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Your Novel Is A Battering Ram

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“When do I begin approaching agents?” I get that question at least once a week, and my answer is always the same: “When your novel is done. And by that I mean, well done!”

I think that it is human nature to be eager. When we are working on a novel, and we’re excited about it, and the end is in sight, it’s very common for the writer to look ahead and try to figure out how to beat down the doors of New York Publishing or Hollywood.

Very often, they will ask me to do it for them, but that won’t work. I can show you where the doors to the publishing house are. I can introduce you to some of the gatekeepers. But when it comes to storming the castle, what you really need is a great battering ram—and that battering ram is your novel. You see, all of the gatekeepers have their own orders: allow only those with powerful novels.

Nothing else matters as much as your novel when it comes to getting in doors. You can have a charming smile and a great family lineage, but that won’t break down doors.

Now, if you’ve read Lord of the Rings, you might understand a bit about how battering rams were made. As a young man, my father was once asked to help a neighbor knock down a barn. My dad decided to get a log and use it as a battering ram, so he took a fallen tree from the forest and had me, my brother, and some other men try to use it to knock down the barn. Well, even that old barn was stouter than it looked, and we shredded several trees trying to knock it down.

With real castle doors, you needed something strong. A battering ram is built from a young, strong tree, not an old rotten log. The builder then would take the tree and wrap it in bands of steel or brass to help strengthen it, and they’d fit a metal front to the log so that it could withstand impact to the castle walls. In Lord of the Rings, the Dark Lord Sauron went so far as to forge a special metal front to his ram that was inscribed with magical spells for breaking the castle gates, and thus “Grond crawled on.”

So what does that have to do with your manuscript?

Many authors that I meet haven’t finished their novels, yet they want to beat down that castle door right now. But they’re just not ready. They’ve got nothing to show.

Sure, you can talk to the gatekeepers. Editors and agents often hear great pitches for novels, but are almost always disappointed to find that the novel itself falls short of its promise. So the agent or editor can’t accept your unfinished novel. They won’t even look at it, in most cases. To do so is a waste of their time.

You need to realize that your novel is a battering ram. It is what will break open the doors to the publishing world for you. It’s not your strong shoulder that will do it. You can’t break down the doors of publishing by force of personal will, or by flashing a dazzling smile. You need a powerful novel.

A lot of people don’t understand that. I recently had a client who brought an unfinished novel to me and asked that I break down the doors to New York and Hollywood for him. That doesn’t work. I insisted that the client finish the battering ram before we even try.

If you’ve got a novel that every editor has seen and rejected, think of it as an old dead tree, rotting away. Maybe it’s time to try something fresh.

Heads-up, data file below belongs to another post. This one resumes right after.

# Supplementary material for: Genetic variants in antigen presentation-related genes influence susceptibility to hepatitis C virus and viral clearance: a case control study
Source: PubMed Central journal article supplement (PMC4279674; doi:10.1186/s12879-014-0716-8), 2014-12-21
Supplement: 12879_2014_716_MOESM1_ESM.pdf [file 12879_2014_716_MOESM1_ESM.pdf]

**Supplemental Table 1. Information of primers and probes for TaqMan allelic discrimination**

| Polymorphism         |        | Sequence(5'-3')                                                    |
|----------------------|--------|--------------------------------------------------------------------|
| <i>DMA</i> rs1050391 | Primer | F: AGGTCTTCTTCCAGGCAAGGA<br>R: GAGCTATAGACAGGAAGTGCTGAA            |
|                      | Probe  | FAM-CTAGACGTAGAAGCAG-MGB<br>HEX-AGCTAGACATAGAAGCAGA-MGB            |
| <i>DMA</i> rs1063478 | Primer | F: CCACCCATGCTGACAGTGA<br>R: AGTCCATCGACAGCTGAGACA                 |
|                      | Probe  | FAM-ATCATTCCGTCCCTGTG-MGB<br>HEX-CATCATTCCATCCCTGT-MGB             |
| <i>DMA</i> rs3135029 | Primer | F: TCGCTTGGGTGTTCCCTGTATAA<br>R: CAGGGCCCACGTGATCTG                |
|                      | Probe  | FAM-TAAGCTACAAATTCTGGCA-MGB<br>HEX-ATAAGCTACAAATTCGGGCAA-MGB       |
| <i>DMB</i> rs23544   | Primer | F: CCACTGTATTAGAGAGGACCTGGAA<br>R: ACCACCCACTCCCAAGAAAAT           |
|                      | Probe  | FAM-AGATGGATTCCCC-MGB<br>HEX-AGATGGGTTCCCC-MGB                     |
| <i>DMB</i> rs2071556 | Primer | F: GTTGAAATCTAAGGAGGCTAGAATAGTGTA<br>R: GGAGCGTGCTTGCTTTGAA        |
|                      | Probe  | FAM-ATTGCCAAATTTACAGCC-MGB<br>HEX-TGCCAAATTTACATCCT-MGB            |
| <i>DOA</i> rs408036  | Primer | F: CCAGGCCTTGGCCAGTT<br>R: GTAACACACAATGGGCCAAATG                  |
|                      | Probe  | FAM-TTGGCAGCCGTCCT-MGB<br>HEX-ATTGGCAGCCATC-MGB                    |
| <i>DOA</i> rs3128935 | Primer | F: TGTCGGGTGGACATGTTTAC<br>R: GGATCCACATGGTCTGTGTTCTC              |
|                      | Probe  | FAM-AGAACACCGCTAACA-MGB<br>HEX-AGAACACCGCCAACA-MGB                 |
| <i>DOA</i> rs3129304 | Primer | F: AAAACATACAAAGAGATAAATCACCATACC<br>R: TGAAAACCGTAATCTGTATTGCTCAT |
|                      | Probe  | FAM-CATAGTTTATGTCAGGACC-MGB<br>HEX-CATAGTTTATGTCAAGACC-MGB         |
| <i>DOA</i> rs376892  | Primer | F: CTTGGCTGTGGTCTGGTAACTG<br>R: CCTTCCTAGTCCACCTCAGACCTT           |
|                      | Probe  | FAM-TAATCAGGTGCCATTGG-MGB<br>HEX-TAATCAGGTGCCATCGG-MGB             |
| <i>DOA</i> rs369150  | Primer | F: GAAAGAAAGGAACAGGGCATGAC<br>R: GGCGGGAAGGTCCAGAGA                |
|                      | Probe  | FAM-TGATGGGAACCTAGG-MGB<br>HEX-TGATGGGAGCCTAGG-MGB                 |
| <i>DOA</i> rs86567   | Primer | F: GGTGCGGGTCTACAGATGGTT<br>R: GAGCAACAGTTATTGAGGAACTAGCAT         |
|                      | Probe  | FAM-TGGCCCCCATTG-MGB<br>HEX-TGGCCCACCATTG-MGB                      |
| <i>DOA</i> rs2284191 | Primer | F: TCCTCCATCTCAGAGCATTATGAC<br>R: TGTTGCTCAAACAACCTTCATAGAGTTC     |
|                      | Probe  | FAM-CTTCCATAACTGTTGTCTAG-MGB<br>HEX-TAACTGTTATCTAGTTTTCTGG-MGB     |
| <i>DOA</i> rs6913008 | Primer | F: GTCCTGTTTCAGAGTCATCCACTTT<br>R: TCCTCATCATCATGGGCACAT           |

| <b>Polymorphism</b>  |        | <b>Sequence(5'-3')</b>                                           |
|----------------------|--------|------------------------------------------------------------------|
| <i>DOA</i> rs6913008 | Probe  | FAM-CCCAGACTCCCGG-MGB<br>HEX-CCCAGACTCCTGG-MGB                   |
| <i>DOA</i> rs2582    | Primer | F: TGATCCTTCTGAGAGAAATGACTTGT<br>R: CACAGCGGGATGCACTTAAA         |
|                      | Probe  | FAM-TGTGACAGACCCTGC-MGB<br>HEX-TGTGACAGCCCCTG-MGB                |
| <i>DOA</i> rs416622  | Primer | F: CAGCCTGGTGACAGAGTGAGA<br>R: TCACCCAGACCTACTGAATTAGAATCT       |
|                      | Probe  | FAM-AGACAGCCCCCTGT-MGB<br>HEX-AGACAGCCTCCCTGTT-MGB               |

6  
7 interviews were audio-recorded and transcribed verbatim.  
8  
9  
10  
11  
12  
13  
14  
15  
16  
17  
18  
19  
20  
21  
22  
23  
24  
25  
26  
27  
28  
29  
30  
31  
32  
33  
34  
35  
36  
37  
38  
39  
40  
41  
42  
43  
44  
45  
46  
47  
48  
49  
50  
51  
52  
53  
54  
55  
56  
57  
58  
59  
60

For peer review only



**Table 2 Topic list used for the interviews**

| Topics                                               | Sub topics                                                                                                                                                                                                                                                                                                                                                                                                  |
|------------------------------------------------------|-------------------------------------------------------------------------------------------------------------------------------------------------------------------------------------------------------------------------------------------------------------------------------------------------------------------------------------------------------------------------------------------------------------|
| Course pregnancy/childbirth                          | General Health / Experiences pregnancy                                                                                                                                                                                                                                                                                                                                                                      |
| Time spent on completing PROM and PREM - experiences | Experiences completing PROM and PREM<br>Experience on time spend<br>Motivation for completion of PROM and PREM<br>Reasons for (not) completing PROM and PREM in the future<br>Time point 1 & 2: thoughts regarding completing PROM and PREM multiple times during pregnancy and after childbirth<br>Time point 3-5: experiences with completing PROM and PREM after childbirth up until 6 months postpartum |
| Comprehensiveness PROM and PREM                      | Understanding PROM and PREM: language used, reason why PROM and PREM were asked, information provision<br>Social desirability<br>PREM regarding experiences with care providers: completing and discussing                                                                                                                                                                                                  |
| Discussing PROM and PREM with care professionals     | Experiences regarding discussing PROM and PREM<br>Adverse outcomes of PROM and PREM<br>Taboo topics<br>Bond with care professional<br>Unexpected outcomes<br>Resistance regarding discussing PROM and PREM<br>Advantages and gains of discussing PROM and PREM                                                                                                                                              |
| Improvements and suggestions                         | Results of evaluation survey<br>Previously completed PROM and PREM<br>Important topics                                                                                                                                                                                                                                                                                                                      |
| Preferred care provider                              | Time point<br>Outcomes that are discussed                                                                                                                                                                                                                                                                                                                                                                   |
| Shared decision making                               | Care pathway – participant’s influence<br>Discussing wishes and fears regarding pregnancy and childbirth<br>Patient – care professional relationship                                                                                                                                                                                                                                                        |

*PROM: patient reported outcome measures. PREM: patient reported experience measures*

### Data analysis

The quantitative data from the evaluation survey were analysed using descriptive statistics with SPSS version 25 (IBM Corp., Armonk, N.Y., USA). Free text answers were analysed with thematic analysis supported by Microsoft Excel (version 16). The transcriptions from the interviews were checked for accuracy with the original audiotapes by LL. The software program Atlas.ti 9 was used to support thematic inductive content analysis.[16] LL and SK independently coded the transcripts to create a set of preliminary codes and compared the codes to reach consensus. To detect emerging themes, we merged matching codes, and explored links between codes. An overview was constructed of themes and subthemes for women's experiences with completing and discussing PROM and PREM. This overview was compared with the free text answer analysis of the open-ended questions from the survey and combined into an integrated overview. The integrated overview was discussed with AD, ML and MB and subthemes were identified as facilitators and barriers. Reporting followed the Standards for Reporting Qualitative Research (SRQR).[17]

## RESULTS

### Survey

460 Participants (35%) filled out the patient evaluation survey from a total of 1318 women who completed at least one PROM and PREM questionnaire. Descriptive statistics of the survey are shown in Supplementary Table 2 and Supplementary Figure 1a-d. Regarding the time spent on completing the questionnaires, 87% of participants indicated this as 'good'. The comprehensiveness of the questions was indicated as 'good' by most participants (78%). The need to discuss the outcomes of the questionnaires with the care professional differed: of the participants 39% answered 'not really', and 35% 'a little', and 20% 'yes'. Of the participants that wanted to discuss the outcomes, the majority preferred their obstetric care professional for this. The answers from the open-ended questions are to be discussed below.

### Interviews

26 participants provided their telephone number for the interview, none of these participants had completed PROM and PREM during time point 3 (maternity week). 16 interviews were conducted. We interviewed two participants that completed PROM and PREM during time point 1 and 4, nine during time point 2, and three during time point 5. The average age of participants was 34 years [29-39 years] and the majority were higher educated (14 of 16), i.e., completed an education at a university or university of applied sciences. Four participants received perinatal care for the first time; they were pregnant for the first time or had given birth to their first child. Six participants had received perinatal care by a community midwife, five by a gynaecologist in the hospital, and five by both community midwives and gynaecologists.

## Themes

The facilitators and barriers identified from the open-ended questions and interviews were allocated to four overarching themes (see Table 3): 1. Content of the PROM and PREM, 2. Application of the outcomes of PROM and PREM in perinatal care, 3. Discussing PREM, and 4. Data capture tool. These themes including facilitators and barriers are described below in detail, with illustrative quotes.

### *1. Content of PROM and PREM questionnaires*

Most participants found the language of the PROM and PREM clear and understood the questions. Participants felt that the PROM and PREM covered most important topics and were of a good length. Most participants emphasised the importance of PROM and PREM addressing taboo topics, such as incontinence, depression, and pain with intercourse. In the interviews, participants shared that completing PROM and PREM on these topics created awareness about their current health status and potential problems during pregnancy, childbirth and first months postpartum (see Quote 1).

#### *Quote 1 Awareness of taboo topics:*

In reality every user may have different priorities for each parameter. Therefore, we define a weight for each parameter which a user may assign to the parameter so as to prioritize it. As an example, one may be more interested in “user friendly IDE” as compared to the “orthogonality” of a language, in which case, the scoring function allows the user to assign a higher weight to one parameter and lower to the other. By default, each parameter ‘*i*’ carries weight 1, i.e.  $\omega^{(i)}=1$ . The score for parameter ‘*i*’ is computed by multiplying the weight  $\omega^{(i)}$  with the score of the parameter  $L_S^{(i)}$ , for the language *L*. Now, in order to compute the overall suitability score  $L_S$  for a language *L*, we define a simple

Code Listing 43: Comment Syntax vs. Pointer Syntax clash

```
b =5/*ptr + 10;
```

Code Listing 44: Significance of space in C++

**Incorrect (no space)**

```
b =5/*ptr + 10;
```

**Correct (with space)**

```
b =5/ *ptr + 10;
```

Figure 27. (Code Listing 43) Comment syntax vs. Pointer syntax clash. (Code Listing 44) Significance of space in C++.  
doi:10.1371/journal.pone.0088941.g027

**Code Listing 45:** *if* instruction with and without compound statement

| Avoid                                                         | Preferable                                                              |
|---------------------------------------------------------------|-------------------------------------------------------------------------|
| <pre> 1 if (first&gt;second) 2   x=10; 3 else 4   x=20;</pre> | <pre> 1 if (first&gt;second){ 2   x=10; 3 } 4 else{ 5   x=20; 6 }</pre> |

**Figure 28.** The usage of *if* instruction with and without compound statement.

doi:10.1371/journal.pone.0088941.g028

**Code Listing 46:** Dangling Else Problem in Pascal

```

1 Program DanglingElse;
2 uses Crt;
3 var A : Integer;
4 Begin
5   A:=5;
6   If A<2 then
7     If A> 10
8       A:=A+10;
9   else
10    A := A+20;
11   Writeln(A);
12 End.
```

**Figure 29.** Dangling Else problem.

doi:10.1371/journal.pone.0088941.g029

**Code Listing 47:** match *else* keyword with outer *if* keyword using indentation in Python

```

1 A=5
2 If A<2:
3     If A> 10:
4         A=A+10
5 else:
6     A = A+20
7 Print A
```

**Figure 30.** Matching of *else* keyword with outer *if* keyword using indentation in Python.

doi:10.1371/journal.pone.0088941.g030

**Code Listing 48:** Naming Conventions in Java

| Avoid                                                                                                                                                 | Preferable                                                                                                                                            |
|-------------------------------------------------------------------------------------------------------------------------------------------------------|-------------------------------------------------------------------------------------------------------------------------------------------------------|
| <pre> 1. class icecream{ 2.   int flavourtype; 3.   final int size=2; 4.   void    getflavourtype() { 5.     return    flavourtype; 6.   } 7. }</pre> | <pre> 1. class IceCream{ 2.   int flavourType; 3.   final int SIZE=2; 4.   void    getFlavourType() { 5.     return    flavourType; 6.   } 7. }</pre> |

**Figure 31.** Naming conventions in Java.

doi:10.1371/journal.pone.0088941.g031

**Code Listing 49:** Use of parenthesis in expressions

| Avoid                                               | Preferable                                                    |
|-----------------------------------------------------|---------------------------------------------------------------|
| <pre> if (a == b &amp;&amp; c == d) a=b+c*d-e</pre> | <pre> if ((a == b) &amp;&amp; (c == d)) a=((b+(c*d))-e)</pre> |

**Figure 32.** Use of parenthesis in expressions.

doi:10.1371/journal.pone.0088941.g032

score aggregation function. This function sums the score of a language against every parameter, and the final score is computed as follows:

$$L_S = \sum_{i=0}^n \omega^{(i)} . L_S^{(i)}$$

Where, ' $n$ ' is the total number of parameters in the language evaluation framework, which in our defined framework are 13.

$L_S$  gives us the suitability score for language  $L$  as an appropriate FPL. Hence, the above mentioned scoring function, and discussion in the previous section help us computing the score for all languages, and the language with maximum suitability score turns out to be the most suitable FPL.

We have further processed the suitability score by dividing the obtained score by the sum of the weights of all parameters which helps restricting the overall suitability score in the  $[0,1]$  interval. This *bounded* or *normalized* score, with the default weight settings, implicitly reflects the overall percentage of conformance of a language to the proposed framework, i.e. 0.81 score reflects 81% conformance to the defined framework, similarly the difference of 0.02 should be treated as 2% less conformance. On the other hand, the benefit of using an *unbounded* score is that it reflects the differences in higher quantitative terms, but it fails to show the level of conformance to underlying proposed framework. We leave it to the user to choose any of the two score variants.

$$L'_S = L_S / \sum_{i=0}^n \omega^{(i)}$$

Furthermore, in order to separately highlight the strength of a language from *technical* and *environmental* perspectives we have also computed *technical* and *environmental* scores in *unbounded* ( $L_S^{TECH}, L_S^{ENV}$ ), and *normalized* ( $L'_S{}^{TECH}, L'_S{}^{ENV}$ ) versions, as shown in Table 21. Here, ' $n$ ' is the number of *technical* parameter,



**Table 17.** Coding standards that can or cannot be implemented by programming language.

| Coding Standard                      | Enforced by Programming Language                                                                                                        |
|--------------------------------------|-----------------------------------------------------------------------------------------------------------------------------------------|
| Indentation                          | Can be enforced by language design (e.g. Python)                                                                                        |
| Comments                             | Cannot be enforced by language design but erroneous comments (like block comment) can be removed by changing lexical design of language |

If you want to send in your first draft to an editor, ask yourself, “Is this book powerful enough to break down the doors of the New York publishing industry?” Often it’s not. Often you need to strengthen it, do the equivalent of wrapping it in iron bands and casting an iron front for it.

How do you do that? By rewriting the novel. Study it carefully. Search out its weaknesses and fix them. Maybe your weakness will be poor descriptions, or a plot that has a flimsy third act. You have to mend those weaknesses, reinforce the novel. And still, that probably won’t be enough.

Go beyond looking for obvious weaknesses and figure out how you can add new strengths to your novel. You want your novel to be powerful, not “nearly adequate.” This might require you to look closely at your writing and create a compelling new voice for your protagonist, or perhaps go through the entire manuscript and add engaging new hooks to the beginning and end of every scene.

It’s only when your battering ram is finished, when it is the modern-day equivalent of Grond, that you dare approach those castle doors in New York and Hollywood. Yes, even with a great battering ram, you might need to slam it hard into a few doors before you knock one down, but at least you’ll have the tool you need to do it.



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Getting the MS in to top condition is absolutely critical given the volume of unsolicited scripts LAs receive.

The other important bit is the dreaded synopsis.

All.of which takes time and patience as many of you already know.

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Well, that was dramatic. I've seen a lot of manuscripts and most of them are not very good. I'm friends with a recently former script editor in Hollywood and he tells me he saw the same. Everyone starts as an amateur. I went through a long learning curve, and it just takes time. Over the years, I've observed that there is no way around it. I encourage everyone to try but I know of no one who will take part of a manuscript. Everyone needs to see the whole thing.  I've seen too many examples of the author not giving the reader a good ending.

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